Susie Finkbeiner’s latest novel has a great multi-dimensional storyline that uses many threads to create a uniquely beautiful tapestry. All Manner of Things portrays the main moral and social issues of the late 60’s and early 70’s in a realistic and non-patronizing way. Instead of using the jump-scare method of issue-based storytelling, Finkbeiner provides a realistic backdrop and a subtle, yet powerful central message. Annie Jacobson is is not your average American high school student. Others may assume that she lives a normal life because she goes to school, works at the local diner, and has late-night conversations with her best friend through their bedroom windows – but appearances can be deceiving. What makes Annie different is this; in the midst of a surface-over-substance culture, she has depth and a life purpose outside of her own interests. This is partly her nature, and partly because she has been forced to grow up without a father. One day while Annie and her older brother Mike are performing their usual tasks at the diner, he confesses that he has secretly enlisted in the U.S. Army because he knew the draft was coming anyway. Annie and her family are shocked, but manage to pull together as they always have to give him a good send-off. Shortly after Mike leaves, Annie’s paternal grandfather dies, which in turn causes Annie’s long-estranged father to show up in town for the funeral. As one event leads to another, the Jacobson family is torn between cautious hope and desparate faith. Will they be able to weather this attack on their lives and their hearts? To answer this question, read the book!:) Throughout the novel, Finkbeiner avoids giving too much information and uses the subtle placement of letters at poignant moments in the story to deepen the characters and the overall message. Additionally, her excellent portrayal of American family dynamics is rarely seen in Christian fiction. The only flaw to point out here is that a few of the minor characters in the story seem to fade away near the end. However, as people do move in and out of one’s life in a seemingly random fashion at times, Finkbeiner earns just shy of a perfect score for her dedication to plot and storyline development.

Character Development (4 points)

Likewise, Finkbeiner crafts excellent and realistic dialogue between her characters, and possesses the rare talent of crafting fictional people who leave the page to become reality…for just a moment. Annie’s first-person perspective on the story drives the plot, and her decisions reflect a perfect balance of strength and weakness, thus making her a perfect character. (spoiler) Frank’s (her father’s) realistic struggle with PTSD, and the long-lasting effects of the same on his life, are never seen in fiction. (spoiler) Additionally, Annie’s realization that Frank has maintained his relationship with God during their estrangement saves him from being a stereotype. Furthermore, the reactions of the rest of the Jacobson family to the issues at hand are realistically varied depending on personality, etc., and add even more depth to the story. In short, there is not enough good to say here. The Jacobsons are a family with a lot of emotional baggage who are doing their best to honor God, love one another, and share His love with others in the midst of it all. For all the reasons listed above (and even more), Finkbeiner earns a perfect score in character development.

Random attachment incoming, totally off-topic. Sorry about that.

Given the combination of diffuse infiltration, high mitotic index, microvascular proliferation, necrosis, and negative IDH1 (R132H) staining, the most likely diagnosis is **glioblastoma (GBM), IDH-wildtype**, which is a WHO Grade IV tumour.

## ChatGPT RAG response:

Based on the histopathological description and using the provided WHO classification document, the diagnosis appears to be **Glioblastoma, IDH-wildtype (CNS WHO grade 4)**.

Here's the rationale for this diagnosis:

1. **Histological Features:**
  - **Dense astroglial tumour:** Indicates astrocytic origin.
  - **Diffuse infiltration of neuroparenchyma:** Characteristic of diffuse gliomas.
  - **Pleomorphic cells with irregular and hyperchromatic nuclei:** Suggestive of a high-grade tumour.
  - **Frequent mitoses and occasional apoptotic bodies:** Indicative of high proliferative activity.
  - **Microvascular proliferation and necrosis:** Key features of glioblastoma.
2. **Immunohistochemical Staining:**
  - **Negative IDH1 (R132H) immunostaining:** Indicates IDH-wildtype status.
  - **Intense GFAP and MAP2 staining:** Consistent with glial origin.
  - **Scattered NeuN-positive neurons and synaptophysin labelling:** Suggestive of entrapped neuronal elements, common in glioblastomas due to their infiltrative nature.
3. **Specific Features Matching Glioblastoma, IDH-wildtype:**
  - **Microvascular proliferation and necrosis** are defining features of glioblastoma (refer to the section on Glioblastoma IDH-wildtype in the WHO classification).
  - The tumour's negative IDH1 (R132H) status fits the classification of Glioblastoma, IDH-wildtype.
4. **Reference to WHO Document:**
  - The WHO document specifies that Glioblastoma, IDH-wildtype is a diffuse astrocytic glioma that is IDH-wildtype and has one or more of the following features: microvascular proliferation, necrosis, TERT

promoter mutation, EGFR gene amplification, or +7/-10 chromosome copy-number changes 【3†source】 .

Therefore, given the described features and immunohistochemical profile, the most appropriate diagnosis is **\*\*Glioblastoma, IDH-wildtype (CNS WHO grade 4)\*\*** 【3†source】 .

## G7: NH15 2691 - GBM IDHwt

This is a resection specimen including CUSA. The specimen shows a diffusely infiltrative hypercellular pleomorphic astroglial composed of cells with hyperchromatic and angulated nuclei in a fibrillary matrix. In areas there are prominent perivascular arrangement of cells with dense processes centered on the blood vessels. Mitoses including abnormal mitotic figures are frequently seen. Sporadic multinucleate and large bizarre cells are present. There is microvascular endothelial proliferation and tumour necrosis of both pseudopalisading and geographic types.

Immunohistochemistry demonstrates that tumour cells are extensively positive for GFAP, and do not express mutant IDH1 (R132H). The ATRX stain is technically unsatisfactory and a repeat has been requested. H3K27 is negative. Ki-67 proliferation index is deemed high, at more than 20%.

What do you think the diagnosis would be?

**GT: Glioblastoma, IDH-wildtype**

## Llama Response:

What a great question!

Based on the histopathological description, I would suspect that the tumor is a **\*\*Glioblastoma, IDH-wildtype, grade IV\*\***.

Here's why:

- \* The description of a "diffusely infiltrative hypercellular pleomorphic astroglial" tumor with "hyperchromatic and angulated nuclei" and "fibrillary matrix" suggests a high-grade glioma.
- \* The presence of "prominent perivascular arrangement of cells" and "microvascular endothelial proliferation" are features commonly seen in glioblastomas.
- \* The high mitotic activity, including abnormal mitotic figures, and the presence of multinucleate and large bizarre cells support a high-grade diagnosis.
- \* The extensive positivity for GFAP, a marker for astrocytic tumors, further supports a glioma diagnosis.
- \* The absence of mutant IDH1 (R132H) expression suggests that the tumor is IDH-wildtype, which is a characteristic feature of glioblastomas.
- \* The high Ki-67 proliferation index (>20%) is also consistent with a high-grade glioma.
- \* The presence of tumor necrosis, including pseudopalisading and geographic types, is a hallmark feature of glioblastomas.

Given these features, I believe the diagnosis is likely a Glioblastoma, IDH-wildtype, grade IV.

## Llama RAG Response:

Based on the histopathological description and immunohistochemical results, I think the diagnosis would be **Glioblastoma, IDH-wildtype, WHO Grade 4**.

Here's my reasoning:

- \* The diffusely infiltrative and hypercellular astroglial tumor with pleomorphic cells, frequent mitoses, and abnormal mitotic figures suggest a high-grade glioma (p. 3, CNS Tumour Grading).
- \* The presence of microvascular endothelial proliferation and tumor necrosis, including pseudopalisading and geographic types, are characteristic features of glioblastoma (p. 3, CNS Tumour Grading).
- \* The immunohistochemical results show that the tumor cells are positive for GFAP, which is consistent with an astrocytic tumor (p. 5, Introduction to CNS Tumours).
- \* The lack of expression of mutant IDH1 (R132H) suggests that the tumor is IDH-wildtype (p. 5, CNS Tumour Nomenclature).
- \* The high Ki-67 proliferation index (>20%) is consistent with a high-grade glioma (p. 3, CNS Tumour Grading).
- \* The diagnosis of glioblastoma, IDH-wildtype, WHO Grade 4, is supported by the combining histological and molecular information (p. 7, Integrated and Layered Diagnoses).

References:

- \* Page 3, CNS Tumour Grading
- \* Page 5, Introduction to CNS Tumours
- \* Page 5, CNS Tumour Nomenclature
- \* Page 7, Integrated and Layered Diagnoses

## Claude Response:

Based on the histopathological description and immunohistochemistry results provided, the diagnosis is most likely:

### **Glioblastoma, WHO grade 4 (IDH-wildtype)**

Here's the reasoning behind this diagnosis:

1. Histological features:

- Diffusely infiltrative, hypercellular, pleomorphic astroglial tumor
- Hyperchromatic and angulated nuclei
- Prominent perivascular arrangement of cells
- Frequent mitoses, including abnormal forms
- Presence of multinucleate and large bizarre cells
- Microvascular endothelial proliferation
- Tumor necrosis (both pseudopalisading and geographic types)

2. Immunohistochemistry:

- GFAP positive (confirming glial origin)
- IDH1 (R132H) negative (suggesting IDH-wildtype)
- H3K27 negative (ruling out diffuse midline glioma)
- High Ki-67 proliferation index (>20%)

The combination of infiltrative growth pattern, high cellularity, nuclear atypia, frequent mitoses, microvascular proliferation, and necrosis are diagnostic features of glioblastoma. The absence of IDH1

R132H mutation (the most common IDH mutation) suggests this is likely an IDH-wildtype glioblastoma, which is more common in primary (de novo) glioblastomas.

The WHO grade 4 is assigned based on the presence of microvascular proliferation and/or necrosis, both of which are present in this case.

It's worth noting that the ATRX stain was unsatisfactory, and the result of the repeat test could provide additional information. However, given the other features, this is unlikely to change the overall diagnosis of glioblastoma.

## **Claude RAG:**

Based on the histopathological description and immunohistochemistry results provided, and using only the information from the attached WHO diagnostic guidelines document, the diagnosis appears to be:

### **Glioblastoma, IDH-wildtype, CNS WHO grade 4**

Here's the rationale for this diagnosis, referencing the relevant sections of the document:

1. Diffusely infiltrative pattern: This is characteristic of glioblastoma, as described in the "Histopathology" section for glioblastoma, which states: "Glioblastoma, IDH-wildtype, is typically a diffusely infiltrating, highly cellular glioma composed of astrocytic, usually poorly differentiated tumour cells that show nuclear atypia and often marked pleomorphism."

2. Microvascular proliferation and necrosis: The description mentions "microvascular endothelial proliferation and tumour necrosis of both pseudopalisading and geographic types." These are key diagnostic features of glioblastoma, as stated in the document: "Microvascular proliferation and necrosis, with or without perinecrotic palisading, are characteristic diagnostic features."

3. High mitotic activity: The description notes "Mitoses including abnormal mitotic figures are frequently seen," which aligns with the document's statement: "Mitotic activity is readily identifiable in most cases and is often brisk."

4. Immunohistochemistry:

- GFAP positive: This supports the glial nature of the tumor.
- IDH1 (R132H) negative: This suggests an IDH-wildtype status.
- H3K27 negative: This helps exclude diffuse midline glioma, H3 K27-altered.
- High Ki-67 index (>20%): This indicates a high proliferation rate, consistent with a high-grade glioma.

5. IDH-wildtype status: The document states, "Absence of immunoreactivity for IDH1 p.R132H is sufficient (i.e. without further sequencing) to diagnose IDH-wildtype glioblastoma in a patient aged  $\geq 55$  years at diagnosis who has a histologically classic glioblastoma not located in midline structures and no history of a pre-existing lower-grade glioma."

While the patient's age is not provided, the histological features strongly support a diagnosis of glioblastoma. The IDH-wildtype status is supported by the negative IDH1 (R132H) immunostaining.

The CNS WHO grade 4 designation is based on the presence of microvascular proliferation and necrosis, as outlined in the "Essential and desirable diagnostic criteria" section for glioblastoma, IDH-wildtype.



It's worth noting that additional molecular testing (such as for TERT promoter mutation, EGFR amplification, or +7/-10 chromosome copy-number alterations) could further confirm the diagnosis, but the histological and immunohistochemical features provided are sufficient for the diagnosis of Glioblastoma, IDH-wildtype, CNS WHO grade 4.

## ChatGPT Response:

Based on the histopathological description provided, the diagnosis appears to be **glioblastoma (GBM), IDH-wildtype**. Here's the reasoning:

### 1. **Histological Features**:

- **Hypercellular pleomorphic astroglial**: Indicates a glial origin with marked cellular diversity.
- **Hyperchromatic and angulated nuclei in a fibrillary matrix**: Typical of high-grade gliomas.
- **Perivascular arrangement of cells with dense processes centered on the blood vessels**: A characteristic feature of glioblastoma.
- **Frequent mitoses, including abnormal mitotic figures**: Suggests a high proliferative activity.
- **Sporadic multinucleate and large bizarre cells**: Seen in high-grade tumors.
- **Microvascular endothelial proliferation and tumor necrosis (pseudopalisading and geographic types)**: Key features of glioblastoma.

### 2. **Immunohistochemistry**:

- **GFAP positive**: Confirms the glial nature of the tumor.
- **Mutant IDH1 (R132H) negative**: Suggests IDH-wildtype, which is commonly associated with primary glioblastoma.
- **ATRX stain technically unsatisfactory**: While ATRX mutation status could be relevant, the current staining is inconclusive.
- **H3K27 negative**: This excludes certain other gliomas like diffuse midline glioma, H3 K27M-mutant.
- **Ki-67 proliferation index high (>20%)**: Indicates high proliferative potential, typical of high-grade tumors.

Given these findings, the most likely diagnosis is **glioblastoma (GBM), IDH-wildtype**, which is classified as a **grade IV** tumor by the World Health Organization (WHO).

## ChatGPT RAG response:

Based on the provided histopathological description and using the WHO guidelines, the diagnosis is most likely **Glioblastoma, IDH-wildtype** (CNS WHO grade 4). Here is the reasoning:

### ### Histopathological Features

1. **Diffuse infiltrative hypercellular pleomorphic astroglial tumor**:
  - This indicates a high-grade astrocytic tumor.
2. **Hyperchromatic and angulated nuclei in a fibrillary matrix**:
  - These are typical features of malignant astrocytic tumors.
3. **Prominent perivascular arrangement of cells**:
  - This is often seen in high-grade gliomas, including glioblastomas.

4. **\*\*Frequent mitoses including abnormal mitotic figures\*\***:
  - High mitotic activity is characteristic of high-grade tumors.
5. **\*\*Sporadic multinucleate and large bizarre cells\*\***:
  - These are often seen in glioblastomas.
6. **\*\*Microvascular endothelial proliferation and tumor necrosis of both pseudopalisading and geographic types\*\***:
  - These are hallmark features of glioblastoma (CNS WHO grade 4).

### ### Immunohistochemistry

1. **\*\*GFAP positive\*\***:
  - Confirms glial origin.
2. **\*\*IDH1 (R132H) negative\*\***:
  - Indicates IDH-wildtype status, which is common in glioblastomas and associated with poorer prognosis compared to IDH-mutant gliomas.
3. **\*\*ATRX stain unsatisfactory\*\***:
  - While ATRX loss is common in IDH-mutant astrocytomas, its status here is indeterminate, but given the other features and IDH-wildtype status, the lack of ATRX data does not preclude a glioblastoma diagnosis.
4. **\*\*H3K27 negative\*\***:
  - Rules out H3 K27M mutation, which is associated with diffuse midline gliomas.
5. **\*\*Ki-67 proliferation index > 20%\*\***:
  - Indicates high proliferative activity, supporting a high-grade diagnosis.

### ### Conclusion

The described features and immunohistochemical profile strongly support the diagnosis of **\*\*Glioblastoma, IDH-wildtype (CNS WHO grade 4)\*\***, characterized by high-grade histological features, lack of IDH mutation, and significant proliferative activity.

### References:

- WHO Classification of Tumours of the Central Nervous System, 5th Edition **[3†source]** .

Creativity & Originality (1.5 points)

Finally, Finkbeiner’s core message is this: In our lives we will experience periods of light and darkness, and although we assume God has left us in the darkness, it is on the other side of the same that we will realize He was there all along, working for our good. The author does not try to convince the reader that her worldview is correct, rather, she questions many societal norms of the past and speculates as to their impact on the present. In the end, she leaves the reader to make their own decision(s). This fact earns her the rarely awarded x-factor point in originality. Finkbeiner also earns a half point in creativity for her big-picture portrayal of the everyday and creative writing style that avoids many common errors in new ways. Additionally, we here at BOR feel that this novel would make an excellent Christian series based on the content in the same. Excellent job Ms. Finkbeiner! The Christian writing world needs more novels like yours.

Wish List Rating: 9 out of 10 points